Every day, More than 2,000 people incur job-related eye injuries that require medical treatment. It is estimated that proper eye and face protection can prevent 90 percent of these injuries. Employers should be vigilant in promoting eye and face safety through training, awareness campaigns and personal protective equipment (PPE). The Occupational Safety and Health Administration (OSHA) has some minimum requirements pertaining to these types of hazards; however, even more can be done.
Flying particles or objects cause the majority of occupational eye injuries. Some of these hazards include metal slivers, dust, and wood and cement chips, and they can be ejected by tools or machinery, wind-blown hazards, etc. Drywall and sawdust are common problems for electricians.
A wide range of PPE can prevent these types of injuries. Safety glasses with side protection, goggles and face shields can prevent flying fragments, objects, particles, sand, dirt and dust from entering the eyes or striking the face. These hazards are often created by chipping, grinding, machining, sawing, drilling, chiseling, powered fastening, riveting or sanding.
When choosing safety glasses, there are three common types of lenses to consider: glass, plastic and polycarbonate. Each provides different degrees of protection and comfort. Glass lenses are typically difficult to scratch, can be worn around harsh chemicals and can be made with a corrective prescription. However, glass lenses can also be heavy and uncomfortable, and they tend to fog up in humid conditions. Plastic and polycarbonate lenses are usually lighter than glass and less likely to fog, but they are not as scratch-resistant. Polycarbonate lenses are stronger than glass and plastic lenses, and they can absorb a greater impact.
Electricians, linemen and wiremen should wear eye protection or safety glasses that are fully dielectric with no metal parts when exposed to electrical hazards or electrical arc. In some scenarios, a face shield may be needed to protect against electrical arc, as well. Electrical workers also may encounter thermal-burn hazards, typically from welding and cutting.
Employees involved in this type of work are at an increased risk of experiencing injuries such as ultraviolet (UV) radiation burns, also known as “welder’s flash,” which can cause damage to the skin and surrounding tissue. Welder’s flash is essentially like sunburn on the eyes. Mild cases can be treated with eye drops or ointments or by using an eye patch to protect the eye while it heals.
Welding poses a number of additional dangers that require the use of eye and face protection, such as safety glasses, goggles, welding helmets or welding face shields. These forms of PPE come equipped with filter lenses and a shade number that provides varying degrees of protection. Typically, the greater the shade number, the greater the protection to radiation. As a rule of thumb, OSHA recommends starting with a shade that is too dark to see the weld zone. Then, go to a lighter shade that provides a sufficient view of the weld zone without going below the minimum required levels.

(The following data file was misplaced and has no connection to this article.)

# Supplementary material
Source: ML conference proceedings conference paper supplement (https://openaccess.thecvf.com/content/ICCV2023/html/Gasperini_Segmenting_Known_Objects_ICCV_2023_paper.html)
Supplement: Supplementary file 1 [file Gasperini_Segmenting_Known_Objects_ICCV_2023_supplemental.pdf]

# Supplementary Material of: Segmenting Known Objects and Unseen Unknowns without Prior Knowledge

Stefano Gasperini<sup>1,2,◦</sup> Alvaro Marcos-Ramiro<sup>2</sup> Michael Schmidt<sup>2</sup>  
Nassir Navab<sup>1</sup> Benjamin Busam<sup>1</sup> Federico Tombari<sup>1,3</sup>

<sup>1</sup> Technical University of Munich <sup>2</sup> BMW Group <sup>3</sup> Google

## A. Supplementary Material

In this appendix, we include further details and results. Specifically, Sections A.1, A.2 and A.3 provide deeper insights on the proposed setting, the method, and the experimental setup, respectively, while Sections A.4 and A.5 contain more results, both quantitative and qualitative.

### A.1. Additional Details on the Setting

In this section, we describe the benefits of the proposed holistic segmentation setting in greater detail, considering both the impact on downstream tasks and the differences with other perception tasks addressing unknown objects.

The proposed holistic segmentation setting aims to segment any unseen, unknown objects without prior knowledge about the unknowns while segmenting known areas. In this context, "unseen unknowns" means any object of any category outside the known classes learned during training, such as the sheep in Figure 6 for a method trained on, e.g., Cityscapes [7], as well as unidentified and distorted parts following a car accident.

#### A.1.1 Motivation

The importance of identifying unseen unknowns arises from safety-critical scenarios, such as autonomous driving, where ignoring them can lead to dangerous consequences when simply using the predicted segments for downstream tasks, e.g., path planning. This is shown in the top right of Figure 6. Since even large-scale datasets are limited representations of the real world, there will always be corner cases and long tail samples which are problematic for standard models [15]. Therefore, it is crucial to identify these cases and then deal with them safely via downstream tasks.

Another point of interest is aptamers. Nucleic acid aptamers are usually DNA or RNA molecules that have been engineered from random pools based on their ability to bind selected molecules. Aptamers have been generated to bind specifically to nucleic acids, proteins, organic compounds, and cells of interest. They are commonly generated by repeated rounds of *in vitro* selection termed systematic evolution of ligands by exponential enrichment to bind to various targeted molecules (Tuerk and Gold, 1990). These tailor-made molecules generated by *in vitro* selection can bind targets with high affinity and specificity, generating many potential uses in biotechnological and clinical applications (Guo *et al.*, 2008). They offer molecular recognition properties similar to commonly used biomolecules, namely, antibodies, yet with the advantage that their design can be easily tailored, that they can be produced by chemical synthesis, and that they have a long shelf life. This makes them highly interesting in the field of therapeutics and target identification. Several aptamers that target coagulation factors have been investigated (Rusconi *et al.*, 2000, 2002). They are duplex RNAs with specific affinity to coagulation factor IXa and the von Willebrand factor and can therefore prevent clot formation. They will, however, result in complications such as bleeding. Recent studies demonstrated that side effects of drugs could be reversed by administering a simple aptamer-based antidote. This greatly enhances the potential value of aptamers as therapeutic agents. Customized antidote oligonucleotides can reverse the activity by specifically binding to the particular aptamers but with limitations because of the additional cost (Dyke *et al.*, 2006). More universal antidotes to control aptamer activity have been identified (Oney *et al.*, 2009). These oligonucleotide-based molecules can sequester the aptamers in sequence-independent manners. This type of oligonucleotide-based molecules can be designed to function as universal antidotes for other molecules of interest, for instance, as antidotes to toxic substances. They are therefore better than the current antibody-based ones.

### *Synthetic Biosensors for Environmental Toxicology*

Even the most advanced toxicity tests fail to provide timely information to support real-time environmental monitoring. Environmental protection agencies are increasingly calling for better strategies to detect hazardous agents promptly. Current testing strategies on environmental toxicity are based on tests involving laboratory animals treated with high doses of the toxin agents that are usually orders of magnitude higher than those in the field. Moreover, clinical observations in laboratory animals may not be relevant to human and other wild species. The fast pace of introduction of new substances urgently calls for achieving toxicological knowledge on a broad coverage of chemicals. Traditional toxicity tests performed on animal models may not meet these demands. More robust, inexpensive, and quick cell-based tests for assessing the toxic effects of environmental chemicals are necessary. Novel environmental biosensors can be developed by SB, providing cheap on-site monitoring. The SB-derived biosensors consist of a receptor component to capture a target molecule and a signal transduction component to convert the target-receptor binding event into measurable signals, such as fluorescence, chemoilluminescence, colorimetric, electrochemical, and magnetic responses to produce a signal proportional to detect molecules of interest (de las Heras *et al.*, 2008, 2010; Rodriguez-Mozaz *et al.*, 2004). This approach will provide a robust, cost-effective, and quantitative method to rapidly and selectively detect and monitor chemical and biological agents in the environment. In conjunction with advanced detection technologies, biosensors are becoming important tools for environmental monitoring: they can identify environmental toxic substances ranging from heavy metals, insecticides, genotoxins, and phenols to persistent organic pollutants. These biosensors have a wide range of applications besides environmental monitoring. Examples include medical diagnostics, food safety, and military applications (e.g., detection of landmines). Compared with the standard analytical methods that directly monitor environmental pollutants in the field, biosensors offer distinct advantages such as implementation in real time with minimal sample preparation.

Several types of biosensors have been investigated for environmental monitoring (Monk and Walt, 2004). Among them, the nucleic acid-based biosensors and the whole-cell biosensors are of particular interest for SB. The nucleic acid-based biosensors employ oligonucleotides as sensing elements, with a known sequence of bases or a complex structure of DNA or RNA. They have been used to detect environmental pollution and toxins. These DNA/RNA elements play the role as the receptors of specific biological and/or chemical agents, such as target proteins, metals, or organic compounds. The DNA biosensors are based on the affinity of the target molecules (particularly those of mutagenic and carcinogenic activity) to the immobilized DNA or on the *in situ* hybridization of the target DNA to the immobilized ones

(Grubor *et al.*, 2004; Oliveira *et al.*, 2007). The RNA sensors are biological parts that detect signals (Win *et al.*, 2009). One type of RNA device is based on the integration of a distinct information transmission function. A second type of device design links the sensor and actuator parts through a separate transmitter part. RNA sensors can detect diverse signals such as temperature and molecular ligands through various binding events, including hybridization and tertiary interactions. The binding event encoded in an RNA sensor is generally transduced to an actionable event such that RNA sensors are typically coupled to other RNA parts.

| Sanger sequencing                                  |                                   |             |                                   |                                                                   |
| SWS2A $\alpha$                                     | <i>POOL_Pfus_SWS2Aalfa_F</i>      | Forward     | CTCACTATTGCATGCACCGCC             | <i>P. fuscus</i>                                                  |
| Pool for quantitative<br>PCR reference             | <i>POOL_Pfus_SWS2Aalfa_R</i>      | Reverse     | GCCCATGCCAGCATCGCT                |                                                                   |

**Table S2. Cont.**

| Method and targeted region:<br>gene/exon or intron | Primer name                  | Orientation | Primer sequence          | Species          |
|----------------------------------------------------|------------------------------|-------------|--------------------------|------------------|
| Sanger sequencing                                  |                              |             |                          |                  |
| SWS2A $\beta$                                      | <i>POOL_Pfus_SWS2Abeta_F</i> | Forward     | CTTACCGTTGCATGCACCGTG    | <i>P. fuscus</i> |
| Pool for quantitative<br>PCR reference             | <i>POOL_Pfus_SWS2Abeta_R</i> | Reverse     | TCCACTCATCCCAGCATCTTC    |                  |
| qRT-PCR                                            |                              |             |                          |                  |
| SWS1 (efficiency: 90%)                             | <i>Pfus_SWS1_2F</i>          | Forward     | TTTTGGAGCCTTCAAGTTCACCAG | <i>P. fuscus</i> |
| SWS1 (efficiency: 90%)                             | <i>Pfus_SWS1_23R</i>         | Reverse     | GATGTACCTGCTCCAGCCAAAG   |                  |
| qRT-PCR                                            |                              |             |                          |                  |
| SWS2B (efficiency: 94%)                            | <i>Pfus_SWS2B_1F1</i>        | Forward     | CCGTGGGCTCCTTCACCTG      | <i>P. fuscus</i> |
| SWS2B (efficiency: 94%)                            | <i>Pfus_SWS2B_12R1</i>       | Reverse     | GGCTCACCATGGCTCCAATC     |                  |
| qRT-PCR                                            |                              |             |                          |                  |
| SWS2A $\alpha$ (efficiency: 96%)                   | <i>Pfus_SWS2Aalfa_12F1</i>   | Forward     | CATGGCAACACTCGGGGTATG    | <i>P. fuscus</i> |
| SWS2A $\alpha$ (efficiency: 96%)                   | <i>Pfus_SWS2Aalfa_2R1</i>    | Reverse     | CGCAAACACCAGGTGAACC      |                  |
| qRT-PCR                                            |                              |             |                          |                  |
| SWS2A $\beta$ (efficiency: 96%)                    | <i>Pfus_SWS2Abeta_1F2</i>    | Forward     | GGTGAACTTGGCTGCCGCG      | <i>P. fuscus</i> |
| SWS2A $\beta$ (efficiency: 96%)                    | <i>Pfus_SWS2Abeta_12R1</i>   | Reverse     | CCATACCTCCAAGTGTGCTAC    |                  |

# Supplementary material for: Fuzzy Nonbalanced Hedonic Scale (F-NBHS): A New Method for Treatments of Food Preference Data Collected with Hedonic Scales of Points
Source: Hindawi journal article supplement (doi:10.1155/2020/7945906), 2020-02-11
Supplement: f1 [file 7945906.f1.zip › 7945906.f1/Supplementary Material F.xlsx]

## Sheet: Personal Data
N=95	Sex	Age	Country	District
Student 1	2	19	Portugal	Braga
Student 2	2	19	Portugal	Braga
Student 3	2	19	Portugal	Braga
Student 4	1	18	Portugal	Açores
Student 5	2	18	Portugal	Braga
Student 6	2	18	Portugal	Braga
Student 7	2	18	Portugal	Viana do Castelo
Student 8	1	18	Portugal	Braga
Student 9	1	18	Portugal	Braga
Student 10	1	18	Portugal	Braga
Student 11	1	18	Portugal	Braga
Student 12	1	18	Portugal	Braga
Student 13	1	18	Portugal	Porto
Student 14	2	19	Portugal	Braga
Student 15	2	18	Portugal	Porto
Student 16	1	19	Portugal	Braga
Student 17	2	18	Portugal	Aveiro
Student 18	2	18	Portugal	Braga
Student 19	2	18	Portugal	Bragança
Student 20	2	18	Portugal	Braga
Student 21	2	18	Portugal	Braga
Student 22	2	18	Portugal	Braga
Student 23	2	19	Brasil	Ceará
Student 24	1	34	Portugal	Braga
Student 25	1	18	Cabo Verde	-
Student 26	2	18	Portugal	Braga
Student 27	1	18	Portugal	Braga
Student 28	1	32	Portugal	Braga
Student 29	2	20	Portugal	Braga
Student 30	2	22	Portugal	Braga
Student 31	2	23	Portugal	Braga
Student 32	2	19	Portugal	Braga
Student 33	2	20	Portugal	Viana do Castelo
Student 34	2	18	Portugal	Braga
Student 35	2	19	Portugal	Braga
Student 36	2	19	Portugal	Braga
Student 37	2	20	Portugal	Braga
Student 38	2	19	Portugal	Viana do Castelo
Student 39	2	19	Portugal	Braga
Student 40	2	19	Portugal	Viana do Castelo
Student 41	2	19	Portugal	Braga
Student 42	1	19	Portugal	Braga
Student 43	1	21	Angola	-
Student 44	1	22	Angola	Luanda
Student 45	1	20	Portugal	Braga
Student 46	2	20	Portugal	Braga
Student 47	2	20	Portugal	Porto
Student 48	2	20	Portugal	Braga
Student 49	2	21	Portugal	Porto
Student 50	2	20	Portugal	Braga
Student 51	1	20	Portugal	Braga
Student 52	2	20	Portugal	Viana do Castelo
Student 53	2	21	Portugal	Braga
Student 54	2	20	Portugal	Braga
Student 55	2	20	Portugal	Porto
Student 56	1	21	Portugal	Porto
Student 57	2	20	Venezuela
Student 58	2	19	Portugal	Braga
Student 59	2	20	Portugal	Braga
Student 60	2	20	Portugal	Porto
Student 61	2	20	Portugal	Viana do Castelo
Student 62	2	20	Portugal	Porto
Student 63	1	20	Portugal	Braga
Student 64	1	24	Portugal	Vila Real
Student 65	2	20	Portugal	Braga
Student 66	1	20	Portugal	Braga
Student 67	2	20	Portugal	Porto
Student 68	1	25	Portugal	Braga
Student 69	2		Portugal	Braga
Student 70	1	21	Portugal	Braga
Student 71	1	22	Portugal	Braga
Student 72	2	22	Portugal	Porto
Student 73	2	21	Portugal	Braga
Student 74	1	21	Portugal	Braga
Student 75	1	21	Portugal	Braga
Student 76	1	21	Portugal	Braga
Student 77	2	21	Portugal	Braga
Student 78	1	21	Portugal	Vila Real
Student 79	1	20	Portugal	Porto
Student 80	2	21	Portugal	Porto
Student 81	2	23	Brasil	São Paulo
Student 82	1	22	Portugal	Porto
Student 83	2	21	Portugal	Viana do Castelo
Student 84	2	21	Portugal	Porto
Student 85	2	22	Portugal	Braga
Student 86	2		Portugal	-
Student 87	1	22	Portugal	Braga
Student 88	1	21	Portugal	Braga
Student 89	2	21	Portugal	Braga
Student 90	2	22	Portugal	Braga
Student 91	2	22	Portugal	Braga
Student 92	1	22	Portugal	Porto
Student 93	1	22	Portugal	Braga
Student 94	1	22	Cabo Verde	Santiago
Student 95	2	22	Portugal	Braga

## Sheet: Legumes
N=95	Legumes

In addition, eye injuries can occur when working with chemicals. When using chemicals and acids, workers should wear special chemical goggles with eye cups and a face shield. Using approved eye and face protection when working with these hazards will prevent damage from vapors and irritant mists.
Chemical exposure to the eyes can have permanent consequences if not immediately treated. Whenever this type of injury occurs, victims must avoid rubbing their eyes and should flush the area with water, using a water fountain, shower, garden hose or other clean water source, so long as the pressure is controllable. Keep the flow at a safe setting for the eye. Avoid bandaging the eye.
Under any circumstances, eye-injury victims who experience symptoms such as blurred vision, worsening glare, seeing spots or light flashes, pain while moving the eyes, or intensifying pain should consult a doctor immediately or go to an emergency room.
Eye injuries cost employers upward of $300 million per year in lost productivity, medical expenses and worker compensation. With a little diligence, education and awareness, the number of eye injuries can be greatly reduced.
For more information regarding eye and face protection and hazards, visit www.osha.gov.